“If you procrastinate, you’re not doing enough planning to have a suitable retirement or be able to keep the same standard of living as you’re accustomed to,” Ross said.
And it doesn’t require that big of a commitment either: McBride said rebalancing once or twice a year should be sufficient.
5. Updating your will
It’s never fun to think about death — particularly your own. But maybe this will guilt you into it: If you procrastinate updating your will, it will hurt your loved ones most of all.
You have to update a will after every major life change, everything from marriage to divorce, the birth of a child or death of a loved one.
If you don’t straighten out what you’re leaving to your spouse or children, it will cost them a big headache trying to get what’s rightly theirs — not to mention a lot of money in legal costs and potential tax penalties.
And if you don’t do it — guess who will?
“The government will do it for you,” said Stacy Francis, a personal financial adviser and founder of Savvy Ladies, a group aimed at educating women about money. “And you may not like how the government divvies up your assets.”
And don’t just update your will — update all of your major policies — 401(k)s, life insurance, etc. — with the new beneficiary.
This becomes even more important if you’ve been married more than once.
“If your will says, ‘my mutual fund goes to my wife’ but the beneficiary listed with Schwab is your ex-wife, guess what? It’s going to your ex-wife,” Francis cautions.
If a loathing of lawyers, high legal fees — or both — are holding you back, you can draw up a will online in about a half an hour using a site like Nolo (www.nolo.com) or Legal Zoom (www.legalzoom.com) for less than $100.
6. Backing up your computer
From death, we move to your lifeline — your computer. You know how frustrating it is to have Word crash on you and you lose the last few hours of your work — what if your whole computer crashed and you lose the last few years of work? Not to mention the last few years of personal memories as most people keep all their personal photos on their computer.
So make a plan now to back up your computer.
If you’re at a loss for how to back up your entire computer, start small: Buy a peripheral hard drive — it can be a big box or a small thumb drive — and start backing up your photos and other important files.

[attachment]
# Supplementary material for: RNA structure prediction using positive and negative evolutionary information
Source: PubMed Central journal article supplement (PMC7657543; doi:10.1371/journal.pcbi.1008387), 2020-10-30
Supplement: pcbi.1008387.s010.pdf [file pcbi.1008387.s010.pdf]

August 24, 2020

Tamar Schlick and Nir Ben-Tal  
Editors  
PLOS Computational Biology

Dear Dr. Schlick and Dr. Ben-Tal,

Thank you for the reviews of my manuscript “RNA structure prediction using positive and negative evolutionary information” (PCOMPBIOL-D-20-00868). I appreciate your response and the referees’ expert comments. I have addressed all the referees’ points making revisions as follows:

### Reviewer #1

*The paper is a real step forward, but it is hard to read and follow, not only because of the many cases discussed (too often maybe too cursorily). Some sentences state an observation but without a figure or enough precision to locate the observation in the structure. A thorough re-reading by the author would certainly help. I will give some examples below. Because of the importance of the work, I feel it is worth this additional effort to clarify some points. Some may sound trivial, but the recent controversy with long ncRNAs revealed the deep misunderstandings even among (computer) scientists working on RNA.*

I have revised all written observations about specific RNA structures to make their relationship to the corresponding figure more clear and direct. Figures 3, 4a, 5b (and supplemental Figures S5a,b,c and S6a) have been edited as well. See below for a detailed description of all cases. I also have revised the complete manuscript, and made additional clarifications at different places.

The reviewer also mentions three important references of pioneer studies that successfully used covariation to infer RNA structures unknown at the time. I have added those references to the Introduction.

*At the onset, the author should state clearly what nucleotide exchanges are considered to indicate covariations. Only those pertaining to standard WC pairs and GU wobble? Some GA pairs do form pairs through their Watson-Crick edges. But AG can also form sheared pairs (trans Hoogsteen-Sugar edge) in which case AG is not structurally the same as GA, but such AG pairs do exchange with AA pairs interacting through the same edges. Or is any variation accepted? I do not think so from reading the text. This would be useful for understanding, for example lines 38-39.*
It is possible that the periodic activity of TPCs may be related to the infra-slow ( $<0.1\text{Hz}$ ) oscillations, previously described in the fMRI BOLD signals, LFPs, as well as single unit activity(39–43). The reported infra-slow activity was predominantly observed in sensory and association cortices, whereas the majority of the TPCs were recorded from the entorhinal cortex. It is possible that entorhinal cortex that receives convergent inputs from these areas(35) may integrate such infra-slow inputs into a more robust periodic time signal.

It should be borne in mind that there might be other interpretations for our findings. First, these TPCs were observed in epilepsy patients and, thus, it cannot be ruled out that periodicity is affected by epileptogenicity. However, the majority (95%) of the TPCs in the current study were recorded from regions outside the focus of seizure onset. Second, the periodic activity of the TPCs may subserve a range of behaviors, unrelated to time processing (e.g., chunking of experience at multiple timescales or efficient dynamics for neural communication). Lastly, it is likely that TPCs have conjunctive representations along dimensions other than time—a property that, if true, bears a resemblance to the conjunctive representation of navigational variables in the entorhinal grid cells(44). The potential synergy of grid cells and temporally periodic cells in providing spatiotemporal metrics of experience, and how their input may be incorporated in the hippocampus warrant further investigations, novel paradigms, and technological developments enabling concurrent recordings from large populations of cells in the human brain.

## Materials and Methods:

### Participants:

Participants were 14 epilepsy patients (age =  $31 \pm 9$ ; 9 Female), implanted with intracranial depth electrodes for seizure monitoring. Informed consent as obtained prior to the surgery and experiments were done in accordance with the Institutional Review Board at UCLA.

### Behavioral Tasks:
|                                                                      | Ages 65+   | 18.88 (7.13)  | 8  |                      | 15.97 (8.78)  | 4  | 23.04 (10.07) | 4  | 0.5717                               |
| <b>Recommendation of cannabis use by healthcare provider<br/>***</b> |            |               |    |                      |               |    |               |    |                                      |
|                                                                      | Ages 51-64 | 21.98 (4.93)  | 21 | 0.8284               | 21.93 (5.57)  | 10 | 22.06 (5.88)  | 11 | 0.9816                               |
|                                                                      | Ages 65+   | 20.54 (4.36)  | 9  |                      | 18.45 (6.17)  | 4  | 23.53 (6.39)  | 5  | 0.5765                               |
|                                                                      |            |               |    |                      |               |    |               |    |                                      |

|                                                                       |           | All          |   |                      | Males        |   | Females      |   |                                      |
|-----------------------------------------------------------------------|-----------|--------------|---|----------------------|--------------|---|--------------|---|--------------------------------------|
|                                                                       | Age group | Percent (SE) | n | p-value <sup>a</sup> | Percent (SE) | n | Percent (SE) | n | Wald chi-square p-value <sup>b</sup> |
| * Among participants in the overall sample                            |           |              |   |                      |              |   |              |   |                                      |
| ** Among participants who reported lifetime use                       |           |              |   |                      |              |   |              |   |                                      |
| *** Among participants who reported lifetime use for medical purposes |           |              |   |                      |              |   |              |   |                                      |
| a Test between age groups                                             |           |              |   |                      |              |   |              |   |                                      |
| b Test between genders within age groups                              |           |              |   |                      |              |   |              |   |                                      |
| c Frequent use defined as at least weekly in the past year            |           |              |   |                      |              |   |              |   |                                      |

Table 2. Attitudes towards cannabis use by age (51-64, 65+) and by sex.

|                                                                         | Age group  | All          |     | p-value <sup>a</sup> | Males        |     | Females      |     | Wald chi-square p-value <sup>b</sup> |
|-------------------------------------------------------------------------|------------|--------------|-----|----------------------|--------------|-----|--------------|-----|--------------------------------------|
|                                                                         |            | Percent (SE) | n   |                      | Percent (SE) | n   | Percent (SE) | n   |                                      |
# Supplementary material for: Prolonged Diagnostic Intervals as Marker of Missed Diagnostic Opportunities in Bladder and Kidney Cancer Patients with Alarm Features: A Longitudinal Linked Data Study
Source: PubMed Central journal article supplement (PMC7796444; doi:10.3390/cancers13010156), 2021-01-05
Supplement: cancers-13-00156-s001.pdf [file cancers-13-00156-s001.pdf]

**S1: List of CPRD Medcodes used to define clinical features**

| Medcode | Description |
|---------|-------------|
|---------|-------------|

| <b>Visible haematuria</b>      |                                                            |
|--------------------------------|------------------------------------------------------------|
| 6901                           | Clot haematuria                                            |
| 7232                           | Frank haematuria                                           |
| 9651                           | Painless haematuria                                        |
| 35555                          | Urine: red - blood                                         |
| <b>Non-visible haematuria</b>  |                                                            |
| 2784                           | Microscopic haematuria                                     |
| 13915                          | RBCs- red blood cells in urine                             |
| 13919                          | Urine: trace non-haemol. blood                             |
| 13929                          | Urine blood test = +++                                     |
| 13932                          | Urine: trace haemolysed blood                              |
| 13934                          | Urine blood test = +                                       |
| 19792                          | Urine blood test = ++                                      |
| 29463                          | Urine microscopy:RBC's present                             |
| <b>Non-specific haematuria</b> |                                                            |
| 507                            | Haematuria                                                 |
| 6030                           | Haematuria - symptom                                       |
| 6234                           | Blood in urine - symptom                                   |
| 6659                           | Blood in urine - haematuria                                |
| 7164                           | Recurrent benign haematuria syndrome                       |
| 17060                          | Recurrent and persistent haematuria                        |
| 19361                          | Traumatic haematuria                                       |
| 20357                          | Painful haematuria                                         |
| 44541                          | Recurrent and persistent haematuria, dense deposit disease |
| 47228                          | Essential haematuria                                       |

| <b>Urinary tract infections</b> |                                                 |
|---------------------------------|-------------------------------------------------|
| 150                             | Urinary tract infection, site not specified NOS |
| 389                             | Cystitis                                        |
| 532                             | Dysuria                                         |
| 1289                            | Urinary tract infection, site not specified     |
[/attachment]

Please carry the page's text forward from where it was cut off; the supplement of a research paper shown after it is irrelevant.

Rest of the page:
If you need some extra motivation, pretend there’s a fire and you only have 15 minutes to save the stuff you absolutely can’t live without. Consider putting it in a safety deposit box or somewhere other than your home — if there really is a fire, you don’t want to have your computer and your backup both go up in smoke!
Also, when your computer asks you if you want to back up your computer, you should say yes 99% of the time (we’ll allow a little slack for when you’re short on time). Your computer is trying to help you — don’t work against it!
OK, that was the quick fix in 15 minutes or less. Step two: Buy software or an online program that will back up your entire computer. PC World recommendsGenie-Soft Backup Manager ($50-$70), the cheaper Argentum Backup ($25) or for online backup, Mozy Home, which for $5 a month will automatically back up your entire hard drive.
7. Decluttering your life
You may not think that pile of junk mail is as important to address as your will or 401(k) — but it is.
If you have a lot of clutter lying around, it creates stress on you which can, plain and simple, affect everything from your productivity to your health. Not to mention, your money.
“Decluttering is rarely fun but procrastination can lead to a real downward spiral as clutter tends to multiply itself and seems to become increasingly overwhelming,” said Megan Cairns, owner of Organization Concepts and Design in Manchester, NH.
She recommends making a list of everything you want to declutter and then tackling one small area at a time. That makes it much more manageable — and enjoyable.
Take time at least once a week to go through your mail — separating the bills and shredding /recycling the junk mail. Be honest with yourself: If you haven’t used that treadmill in years, sell it on Craigslist and use the cash — and the space it opens up — more wisely. That goes for the furniture you inherited from grandma, too. Better to keep a few favorite items, than piles of stuff that are gathering dust — grandma wouldn’t want you to live that way.
Chuck most of your recipe books except for your absolute favorites — just about every recipe you need (except maybe grandma's pierogi recipe) is online. And do a closet purge a couple of times a year — Be honest with yourself about how often you really wear that sweater and whether those pants will really still be in style by the time you lose weight. Divide the stuff in to three piles — keep, sell and donate.
So which area should you tackle first? Start with one that you’re in a lot, whether it’s the couch, kitchen or your office. You’ll notice a huge difference in the way it makes you feel — lighter, more relaxed — to have more space than stuff when you’re trying to work or relax.
And that goes for your computer, too — if you have too many icons on your desktop or too many photos of the same thing, start to pare down.
Beyond the literal selling of your stuff, decluttering can save you money.
You know what they say — “Time is money.”
“As you spend your time searching for misplaced items, you are losing the opportunity to accomplish other objectives!” Cairns said.
OK! On your mark … get set … stop procrastinating!